How Do You Avoid Christmas Stress? Choices You Can Make To Reduce Holiday Rabies
By David Martin, President and CEO of VeinInnovations
Christmas is upon us. It’s a joyful season, but it’s also a stressful holiday. There are multiple parties and family gatherings, food to be cooked, dishes to get done, kids to get out the door, elderly relatives to look after… Christmas can be hectic. Starting to feel Christmas stress creep in? Here are five choices you can make to reduce stress during the holidays.
Practice Healthy Habits
This might sound impossible in the moment. It’s not! The more healthy habits you choose to keep up during the holidays, the better the holidays will be. Feeling run down only adds to stress. During Christmas festivities, try not to overdo it on sweets. Roller-coaster blood sugar leads to stress and meltdowns. Pack yourself (and your children) a simple, one or two-ingredient snack with fruit, nuts, or veggies.
Keep up physical activity. You have time – really – to take 20 minutes and go for a walk. Do jumping jacks and push ups in the basement before your morning shower. Get your blood flowing and you’ll feel better all day.
Finally, get your rest. You need sleep. If you stay up late the night before, well, it’s the holidays. If you’re lucky enough to have some days off, sleep in a bit, or grab a nap.
How much, really, can you do in a day? What can your family do? The more people you add to the equation, the more you need to adjust your expectations. Little ones are tough to wrangle and can really only handle one or two events in a day. Teenagers might be worse. Sometimes, for the sake of sanity, we have to say no.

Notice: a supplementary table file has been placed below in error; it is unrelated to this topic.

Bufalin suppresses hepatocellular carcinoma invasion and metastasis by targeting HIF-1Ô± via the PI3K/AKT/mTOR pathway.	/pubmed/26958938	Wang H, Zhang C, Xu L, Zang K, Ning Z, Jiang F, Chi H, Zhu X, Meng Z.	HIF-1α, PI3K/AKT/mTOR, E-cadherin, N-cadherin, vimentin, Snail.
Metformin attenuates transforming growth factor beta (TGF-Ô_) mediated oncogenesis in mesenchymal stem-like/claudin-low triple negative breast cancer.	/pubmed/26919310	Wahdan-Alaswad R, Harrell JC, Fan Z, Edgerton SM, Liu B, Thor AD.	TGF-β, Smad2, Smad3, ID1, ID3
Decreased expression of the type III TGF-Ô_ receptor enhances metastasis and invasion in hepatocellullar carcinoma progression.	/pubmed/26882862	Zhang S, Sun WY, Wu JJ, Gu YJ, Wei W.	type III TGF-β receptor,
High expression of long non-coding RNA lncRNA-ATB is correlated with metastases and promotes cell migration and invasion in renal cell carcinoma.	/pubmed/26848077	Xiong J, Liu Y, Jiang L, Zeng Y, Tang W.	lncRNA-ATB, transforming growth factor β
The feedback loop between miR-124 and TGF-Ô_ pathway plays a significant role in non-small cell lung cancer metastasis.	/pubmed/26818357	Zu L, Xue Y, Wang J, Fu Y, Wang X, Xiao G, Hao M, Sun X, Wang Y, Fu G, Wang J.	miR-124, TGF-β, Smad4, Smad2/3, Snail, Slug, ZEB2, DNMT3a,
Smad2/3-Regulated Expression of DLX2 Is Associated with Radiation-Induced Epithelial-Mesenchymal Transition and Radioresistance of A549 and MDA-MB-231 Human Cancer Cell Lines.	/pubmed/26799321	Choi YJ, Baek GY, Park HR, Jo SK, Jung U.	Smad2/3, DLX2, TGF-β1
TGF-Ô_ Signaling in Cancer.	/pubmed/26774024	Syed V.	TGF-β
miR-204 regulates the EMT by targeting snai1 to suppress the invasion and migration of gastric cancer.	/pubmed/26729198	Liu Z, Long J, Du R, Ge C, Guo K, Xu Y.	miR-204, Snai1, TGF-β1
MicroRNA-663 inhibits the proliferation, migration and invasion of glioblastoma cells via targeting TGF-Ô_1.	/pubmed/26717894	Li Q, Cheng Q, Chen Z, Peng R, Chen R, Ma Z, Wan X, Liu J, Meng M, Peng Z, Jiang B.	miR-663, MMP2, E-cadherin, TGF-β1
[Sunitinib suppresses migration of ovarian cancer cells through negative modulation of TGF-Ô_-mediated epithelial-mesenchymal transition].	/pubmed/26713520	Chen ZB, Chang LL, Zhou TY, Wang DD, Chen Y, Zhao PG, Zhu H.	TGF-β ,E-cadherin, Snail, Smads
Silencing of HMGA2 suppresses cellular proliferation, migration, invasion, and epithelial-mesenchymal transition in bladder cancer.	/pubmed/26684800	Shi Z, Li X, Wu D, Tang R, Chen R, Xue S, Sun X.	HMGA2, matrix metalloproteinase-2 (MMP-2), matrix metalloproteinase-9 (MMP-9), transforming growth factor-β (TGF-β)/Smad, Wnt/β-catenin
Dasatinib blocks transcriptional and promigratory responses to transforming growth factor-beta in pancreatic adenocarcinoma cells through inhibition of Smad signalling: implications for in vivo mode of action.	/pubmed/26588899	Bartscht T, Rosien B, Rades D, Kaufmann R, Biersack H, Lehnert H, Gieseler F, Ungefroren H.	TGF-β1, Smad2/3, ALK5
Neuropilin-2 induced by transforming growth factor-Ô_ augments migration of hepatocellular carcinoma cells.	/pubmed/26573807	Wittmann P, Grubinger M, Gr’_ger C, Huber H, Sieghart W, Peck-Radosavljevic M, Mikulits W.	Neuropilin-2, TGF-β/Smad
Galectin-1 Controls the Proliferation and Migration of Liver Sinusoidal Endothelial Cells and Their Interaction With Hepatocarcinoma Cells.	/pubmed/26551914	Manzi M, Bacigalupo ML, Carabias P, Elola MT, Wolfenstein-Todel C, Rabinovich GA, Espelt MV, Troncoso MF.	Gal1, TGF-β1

Try not to overextend yourself or your family by saying yes to too many events. If you can’t contribute more than one dish to a meal, say so. (Saying no earlier is better!) If your toddler gets sick, stay home or send your wife and older child to the party on their own. Say no when you need to, and you can help stop the spread of holiday rabies. You’ll also be teaching your children that it is okay to sit out some events as opposed to rushing around, packing in too much, and getting irritable and sick in all the doing.
There’s the ideal, idyllic Christmas we see in ads and cheesy movies. And then there’s our family. We have the family we have. It’s okay that you have an aunt who overdoes it every year on Christmas Eve and tells the same stories. Acceptance and gratitude create more acceptance and gratitude, and reduce “expectation stress.” It’s been said that expectations are resentments in the making. If you can temper your expectations, your holiday will definitely be merrier.
To temper expectations, don’t compare yourself to the ideal on TV or curated Facebook pages. No one gets a perfect Christmas. So if you’re struggling, at least remember you’re not alone.
At the end of the day, Christmas is meant to be a holiday where those who celebrate it give thanks. If you feel overwhelmed and stressed, take a breather. Take 15 minutes all to yourself – read a book or flip through a magazine. Do whatever calms you.
Or maybe just step out into the cold air and stargaze in the quiet night. Count your blessings;
your blood pressure may well go down in equal measure.
Merry Christmas and Happy New Year!
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